Building bridges between Jews and Christians has its potholes. It’s not always easy. Sometimes it’s a theological version of a contact sport. But it’s not good enough for Jews, whether they are involved in or support such activities or not, to paint all Christians and all history of relations between Jews and Christians with a broad brush. People need to know what they’re talking about. Nuance matters. Not only was ICEJ one of the original and longest-standing Christian organizations to set up shop in Jerusalem to be a blessing to Israel, specifically for and during the Feast, but they proactively tell Christian participants that missionary activity is not appropriate or appreciated. Does that mean that each of the thousands of participants understands that completely or honors it? No, not necessarily. But ICEJ as an organization draws a line in the sand that they tell participants not to cross.
In a Jerusalem Post Op-Ed last week, David Parsons, Vice President and Senior Spokesman for ICEJ, recognized that Jews who object to the Christian presence and activities in Israel do so for many reasons, none of which are applicable to ICEJ.
“The protesters and those who back them have expressed doubts about our friendship. They are afraid it is a cover for missionary activity. Others question our motives for standing with Israel, saying we are just here out of guilt for past Christian antisemitism, or we want to bring back Jesus, or – worst of all – we are out to force the Apocalypse.”
“On behalf of tens of millions of Evangelicals worldwide, the International Christian Embassy Jerusalem has been refuting these claims for decades, both through our words and our benevolent deeds in the land.”
As unpleasant as it is to be the target of protests, he acknowledged that “it is not easy to turn attitudes around so quickly after centuries of Christian hostility and violence towards Jews. We realize the Jewish people went through a long, hard journey of exile among the nations over many centuries, and this involved much suffering. Regrettably, many of these travails were inflicted by Christians.”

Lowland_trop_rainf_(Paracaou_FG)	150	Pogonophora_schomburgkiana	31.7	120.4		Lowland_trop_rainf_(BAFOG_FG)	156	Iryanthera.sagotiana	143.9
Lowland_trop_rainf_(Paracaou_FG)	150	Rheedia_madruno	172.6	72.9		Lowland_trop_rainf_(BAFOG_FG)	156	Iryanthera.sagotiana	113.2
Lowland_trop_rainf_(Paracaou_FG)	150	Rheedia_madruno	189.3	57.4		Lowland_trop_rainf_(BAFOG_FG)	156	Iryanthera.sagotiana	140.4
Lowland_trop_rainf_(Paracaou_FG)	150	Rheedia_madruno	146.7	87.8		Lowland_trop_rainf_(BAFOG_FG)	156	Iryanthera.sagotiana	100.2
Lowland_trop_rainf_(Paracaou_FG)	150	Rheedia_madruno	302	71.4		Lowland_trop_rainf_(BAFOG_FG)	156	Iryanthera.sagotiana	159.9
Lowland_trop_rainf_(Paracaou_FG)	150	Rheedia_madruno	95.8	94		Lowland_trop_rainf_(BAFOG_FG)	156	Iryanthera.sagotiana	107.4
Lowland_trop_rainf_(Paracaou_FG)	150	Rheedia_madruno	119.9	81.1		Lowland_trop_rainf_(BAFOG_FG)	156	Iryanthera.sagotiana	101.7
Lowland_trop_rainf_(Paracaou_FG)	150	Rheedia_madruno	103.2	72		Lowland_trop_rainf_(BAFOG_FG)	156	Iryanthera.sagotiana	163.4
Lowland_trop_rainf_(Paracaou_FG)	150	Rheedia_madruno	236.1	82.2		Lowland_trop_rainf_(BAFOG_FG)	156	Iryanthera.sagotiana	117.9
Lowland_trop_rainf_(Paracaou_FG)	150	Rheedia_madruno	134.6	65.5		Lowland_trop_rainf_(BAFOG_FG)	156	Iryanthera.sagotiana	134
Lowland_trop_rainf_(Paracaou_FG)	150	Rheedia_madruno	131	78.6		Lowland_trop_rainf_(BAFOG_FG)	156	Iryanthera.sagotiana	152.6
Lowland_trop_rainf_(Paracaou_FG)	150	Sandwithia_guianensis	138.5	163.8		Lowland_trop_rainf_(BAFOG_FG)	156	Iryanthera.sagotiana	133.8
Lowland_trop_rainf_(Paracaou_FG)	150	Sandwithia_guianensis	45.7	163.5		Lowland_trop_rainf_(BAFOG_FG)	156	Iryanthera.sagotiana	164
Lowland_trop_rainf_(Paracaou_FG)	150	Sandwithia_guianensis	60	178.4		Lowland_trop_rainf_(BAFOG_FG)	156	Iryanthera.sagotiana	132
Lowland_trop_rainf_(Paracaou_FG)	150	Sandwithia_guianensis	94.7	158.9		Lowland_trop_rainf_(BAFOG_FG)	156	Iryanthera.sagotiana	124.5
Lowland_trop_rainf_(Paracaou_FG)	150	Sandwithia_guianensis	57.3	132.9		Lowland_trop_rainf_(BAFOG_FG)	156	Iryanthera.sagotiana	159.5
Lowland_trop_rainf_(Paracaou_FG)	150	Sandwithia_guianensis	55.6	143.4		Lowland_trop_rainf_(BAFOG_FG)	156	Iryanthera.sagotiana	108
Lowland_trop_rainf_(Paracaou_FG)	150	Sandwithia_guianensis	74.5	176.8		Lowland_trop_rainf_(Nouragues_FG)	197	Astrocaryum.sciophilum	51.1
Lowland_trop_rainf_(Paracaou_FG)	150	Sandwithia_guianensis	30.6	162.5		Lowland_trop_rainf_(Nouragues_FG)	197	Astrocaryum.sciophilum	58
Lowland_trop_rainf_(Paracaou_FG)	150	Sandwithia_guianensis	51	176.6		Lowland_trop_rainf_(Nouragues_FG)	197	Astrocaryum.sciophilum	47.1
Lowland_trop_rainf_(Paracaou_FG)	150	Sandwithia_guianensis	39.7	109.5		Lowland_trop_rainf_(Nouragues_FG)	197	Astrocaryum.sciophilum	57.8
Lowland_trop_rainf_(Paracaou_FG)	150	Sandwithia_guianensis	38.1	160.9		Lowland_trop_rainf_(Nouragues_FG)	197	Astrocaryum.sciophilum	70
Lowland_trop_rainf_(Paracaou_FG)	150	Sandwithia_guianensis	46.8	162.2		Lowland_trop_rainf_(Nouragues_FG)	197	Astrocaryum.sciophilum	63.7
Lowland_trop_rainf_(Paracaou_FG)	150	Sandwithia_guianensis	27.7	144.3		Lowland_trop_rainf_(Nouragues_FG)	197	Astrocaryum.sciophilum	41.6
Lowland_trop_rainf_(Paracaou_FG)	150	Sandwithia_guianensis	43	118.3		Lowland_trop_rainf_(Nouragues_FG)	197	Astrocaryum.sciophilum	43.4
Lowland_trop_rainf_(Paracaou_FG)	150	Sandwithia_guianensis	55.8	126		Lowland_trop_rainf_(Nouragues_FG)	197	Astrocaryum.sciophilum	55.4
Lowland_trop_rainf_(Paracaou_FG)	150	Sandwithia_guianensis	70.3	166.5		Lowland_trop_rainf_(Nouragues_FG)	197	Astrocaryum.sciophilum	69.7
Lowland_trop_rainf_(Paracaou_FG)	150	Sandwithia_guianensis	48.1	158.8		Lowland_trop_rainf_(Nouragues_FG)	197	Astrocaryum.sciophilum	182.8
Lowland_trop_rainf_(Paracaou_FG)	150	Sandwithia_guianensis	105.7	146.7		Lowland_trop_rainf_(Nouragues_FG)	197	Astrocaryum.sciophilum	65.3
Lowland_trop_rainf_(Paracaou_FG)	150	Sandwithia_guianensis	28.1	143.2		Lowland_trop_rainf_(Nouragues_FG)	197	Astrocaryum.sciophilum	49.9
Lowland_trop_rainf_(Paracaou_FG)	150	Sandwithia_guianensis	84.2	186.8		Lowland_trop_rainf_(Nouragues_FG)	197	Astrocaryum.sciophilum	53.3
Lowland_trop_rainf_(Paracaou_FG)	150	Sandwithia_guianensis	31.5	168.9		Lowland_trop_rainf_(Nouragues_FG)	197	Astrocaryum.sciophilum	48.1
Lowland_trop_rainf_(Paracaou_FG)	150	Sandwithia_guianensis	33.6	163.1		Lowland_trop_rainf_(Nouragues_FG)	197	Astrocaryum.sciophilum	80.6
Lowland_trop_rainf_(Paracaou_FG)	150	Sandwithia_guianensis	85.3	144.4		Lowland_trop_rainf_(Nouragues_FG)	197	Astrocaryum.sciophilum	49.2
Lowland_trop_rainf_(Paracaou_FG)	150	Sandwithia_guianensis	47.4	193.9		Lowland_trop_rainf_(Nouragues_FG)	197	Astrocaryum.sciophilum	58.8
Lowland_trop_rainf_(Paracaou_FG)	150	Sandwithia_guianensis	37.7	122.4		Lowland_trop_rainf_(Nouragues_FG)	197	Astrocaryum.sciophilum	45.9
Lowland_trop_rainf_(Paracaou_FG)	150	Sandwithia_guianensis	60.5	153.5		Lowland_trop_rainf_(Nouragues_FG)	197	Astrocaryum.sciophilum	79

Sukkot is arguably the Jewish holiday with the widest roots among gentiles. It’s long known that when the Temple stood, during Sukkot, Jews would bring 70 offerings on behalf of the 70 nations of the world.
In a recent conversation on the “Inspiration from Zion” podcast, Rabbi David Stav of the Orthodox Jewish organization, Tzohar, noted that Christian support for Israel is a sign of redemption. Rabbi Stav specifically related to King Solomon building the Temple in Jerusalem, referring to it as a house of prayer for all nations, with gentiles bringing offerings to the Temple. Rabbi Stav also highlighted that this is part of Jewish prayer daily. Therefore it’s something that Jews need to understand and affirm as well, not just in meaningless prayer.
Commenting on recent Jewish protests and violent acts toward Christians, Rabbi Stav noted that Israel’s first Chief Rabbi, Rabbi Kook said that anyone who thinks that being Jewish, or to love Jewish people, means to hate non-Jewish people does not even have the basic understanding of what it means to be Jewish. Rather, to be Jewish is to love all humanity, to be a blessing and a light unto the nations. Judaism needs to care about all people who, as we know, are created in the image of God.
The ICEJ is no longer the only embassy in Jerusalem. But for decades it served as the face of Christian support for Israel from dozens of nations. Today, we celebrate each time a new country establishes an embassy in Jerusalem, and we pray that more will. But for decades while the world did not recognize Israeli sovereignty or Jewish history in any of Jerusalem, we must gratefully acknowledge, and celebrate ICEJ and the Feast of Tabernacles.